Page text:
Venturing where others have failed, President Barack Obama now finds himself in the thick of the first major fight of his presidency over how to expand health care to the nearly 47 million Americans who have no health insurance.
The cost of reforms is one issue. Obama has proposed spending 634 billion dollars over the next 10 years as a "down payment" on the reforms, but congressional budget experts have estimated the cost at one trillion dollars.
But reformers also face the daunting challenge of changing a system that one economist calls "an administrative monstrosity."
Economist Henry Aaron, in a 2003 paper, described it as "a truly bizarre melange of thousands of payers with payment systems that differ for no socially beneficial reason, as well as staggeringly complex public systems with mind-boggling administered prices and other rules expressing distinctions that can only be regarded as weird."
Following are some aspects of the system revealed in a review of the scientific literature by the Rand Corp., a non-partisan think tank, and posted on the website www.randcompare.org.
First, Americans are living longer but two of every three are overweight or obese, one in 10 have diabetes, and about a quarter of the population between the ages of 45 and 54 suffer from hypertension.
More than half are covered by insurance provided by their employers, but it is not required and the quality of coverage varies widely. Nearly 16 percent of Americans have no insurance at all.
Meanwhile, US spending on health care is growing faster than the economy as a whole.
It hit 2.1 trillion dollars in 2006 and was projected to reach 2.25 trillion dollars by 2007, an annual increase of 6.7 percent, according to the Centers for Medicare and Medicaid Services. It could reach 4.3 trillion dollars a year in a decade.
"By 2017, about 20 cents of every dollar spent in the US economy will be spent on health care," Rand said.
The federal government in 2006 covered about a third of US health care spending, mainly through its health insurance programs for the poor and elderly -- Medicaid and Medicare.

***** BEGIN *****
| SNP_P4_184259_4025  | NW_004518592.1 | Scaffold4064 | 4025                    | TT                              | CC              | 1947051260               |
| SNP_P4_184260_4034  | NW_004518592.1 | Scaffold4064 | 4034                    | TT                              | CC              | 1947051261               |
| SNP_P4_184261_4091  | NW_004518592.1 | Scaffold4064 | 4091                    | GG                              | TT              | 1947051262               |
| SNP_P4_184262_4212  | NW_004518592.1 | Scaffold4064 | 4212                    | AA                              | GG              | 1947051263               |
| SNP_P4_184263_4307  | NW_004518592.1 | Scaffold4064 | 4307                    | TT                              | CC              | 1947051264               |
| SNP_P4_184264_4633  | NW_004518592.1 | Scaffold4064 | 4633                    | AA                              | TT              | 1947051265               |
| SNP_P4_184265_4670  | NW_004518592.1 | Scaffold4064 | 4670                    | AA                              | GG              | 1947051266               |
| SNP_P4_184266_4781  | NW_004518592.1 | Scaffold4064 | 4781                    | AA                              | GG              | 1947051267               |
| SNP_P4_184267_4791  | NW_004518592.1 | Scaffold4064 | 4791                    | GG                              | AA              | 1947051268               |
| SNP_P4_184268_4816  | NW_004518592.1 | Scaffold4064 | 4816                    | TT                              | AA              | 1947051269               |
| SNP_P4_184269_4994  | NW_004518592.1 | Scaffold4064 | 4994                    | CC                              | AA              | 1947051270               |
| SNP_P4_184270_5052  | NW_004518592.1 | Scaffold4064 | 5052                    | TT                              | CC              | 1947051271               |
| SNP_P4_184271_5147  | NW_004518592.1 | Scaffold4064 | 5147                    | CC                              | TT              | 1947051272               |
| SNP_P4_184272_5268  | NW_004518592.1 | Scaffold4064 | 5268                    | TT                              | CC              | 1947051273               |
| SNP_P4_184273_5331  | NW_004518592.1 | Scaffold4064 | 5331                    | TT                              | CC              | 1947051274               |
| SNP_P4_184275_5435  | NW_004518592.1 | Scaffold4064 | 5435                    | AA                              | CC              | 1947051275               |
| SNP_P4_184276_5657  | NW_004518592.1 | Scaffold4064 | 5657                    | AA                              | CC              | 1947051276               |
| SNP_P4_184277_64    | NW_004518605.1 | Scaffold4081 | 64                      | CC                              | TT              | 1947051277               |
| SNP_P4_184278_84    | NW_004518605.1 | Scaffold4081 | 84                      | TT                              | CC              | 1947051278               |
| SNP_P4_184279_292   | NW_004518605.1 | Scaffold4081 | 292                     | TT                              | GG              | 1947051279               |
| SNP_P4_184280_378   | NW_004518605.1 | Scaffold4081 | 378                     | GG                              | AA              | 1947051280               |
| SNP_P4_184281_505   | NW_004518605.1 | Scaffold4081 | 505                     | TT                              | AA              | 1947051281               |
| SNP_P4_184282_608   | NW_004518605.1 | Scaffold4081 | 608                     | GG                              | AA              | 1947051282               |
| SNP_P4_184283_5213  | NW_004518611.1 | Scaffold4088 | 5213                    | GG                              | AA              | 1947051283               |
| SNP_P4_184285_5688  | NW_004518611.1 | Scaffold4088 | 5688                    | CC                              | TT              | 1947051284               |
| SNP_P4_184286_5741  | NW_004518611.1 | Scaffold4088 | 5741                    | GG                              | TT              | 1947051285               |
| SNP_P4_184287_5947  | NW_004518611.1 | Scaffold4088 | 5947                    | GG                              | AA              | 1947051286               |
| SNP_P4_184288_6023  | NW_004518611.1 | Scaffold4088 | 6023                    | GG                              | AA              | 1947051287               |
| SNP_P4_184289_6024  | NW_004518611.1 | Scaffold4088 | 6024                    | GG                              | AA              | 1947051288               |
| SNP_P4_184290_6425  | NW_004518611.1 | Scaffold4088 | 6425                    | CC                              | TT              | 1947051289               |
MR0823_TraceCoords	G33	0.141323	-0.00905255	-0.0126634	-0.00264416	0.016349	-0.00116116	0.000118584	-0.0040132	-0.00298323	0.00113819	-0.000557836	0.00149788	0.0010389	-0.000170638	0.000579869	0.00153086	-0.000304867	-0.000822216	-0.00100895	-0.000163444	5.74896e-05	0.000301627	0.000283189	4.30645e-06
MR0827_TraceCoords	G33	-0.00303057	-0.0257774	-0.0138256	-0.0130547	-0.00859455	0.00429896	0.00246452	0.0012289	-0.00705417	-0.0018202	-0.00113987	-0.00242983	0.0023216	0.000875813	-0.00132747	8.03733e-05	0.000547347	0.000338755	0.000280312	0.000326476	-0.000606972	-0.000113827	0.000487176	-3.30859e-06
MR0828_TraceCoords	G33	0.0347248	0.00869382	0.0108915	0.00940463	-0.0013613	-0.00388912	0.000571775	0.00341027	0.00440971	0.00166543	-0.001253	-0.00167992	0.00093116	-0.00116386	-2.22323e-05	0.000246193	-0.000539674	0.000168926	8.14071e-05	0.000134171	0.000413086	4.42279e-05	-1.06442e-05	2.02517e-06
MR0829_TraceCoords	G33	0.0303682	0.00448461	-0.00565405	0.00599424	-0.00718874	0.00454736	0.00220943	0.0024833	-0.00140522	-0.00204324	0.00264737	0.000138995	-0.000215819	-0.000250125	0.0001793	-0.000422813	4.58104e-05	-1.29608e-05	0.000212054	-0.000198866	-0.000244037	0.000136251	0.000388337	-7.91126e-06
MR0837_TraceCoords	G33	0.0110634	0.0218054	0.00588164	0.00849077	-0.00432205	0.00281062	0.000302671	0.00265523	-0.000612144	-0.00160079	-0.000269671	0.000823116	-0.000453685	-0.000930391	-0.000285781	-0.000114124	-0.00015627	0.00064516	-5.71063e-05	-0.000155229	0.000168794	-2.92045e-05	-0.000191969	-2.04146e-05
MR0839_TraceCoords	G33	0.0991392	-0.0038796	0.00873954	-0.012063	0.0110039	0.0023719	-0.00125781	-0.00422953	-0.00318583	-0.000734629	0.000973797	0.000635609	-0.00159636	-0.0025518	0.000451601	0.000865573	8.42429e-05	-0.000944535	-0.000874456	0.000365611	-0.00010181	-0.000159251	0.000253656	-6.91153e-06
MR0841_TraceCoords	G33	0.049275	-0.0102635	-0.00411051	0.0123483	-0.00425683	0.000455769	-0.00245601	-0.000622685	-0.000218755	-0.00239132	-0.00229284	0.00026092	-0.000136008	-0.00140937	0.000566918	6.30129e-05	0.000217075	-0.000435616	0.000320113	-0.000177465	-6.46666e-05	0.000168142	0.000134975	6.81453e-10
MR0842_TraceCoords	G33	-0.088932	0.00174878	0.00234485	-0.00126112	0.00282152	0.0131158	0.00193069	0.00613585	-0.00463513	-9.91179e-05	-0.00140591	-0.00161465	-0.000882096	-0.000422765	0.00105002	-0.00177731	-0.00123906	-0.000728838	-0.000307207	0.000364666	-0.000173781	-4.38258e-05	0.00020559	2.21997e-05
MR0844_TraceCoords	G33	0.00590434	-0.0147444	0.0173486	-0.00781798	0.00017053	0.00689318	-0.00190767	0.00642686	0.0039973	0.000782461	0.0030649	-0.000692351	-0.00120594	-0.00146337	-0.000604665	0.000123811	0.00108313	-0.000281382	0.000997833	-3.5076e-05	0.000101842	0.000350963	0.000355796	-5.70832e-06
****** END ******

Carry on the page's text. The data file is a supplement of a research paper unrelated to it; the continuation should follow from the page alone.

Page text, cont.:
Payments by private insurances companies accounted for another 34 percent, while out-of-pocket payments by individuals amounted to 14 percent of the total. The remainder came from state and local funds and other private funds.
On average, Americans spend about six percent of their after-tax income on health care, although in the case of the poor or elderly the share is larger.
Lengthening life spans, the spread of obesity, and technological innovations that push back mortality but at a higher cost, all contribute to increased costs.
Technological advances alone account for over half the increase in overall US health spending, the Congressional Budget Office has estimated.
"Certain technological changes, for example some vaccines, may reduce spending. However, in general new technologies tend to increase the number of health services that an individual receives, thereby increasing costs," Rand said.
At the same time, the US system is seen as wasteful compared to those of other countries.
The United States spends significantly more on administrative costs than countries with single payer systems -- seven percent compared to 1.9 percent for France, for example, according to the Organization for Economic Cooperation and Development.
And private insurance companies have higher administrative costs (14 percent) than public insurance programs like Medicare or Medicaid, which come in at three to five percent of the total, the literature shows.
"Practitioners and hospitals, in their interactions with multiple payers, are encumbered by numerous billing requirements, a multitude of formularies and clinical care guidelines, and patients with different covered benefits," Rand said.
Studies also have shown that one-third or more procedures performed in the United States were of questionable benefit, according to the think tank.
A 2008 study that compared health care systems in developed countries found that US patients reported waiting less time to get an appointment to see a specialist, but also more problems with the cost of the care and the efficacy of procedures.
Within the United States, however, patients covered by Medicare consistently gave higher marks for the care they received than did those insured by private companies, according to surveys funded by the Agency for Healthcare Research and Quality.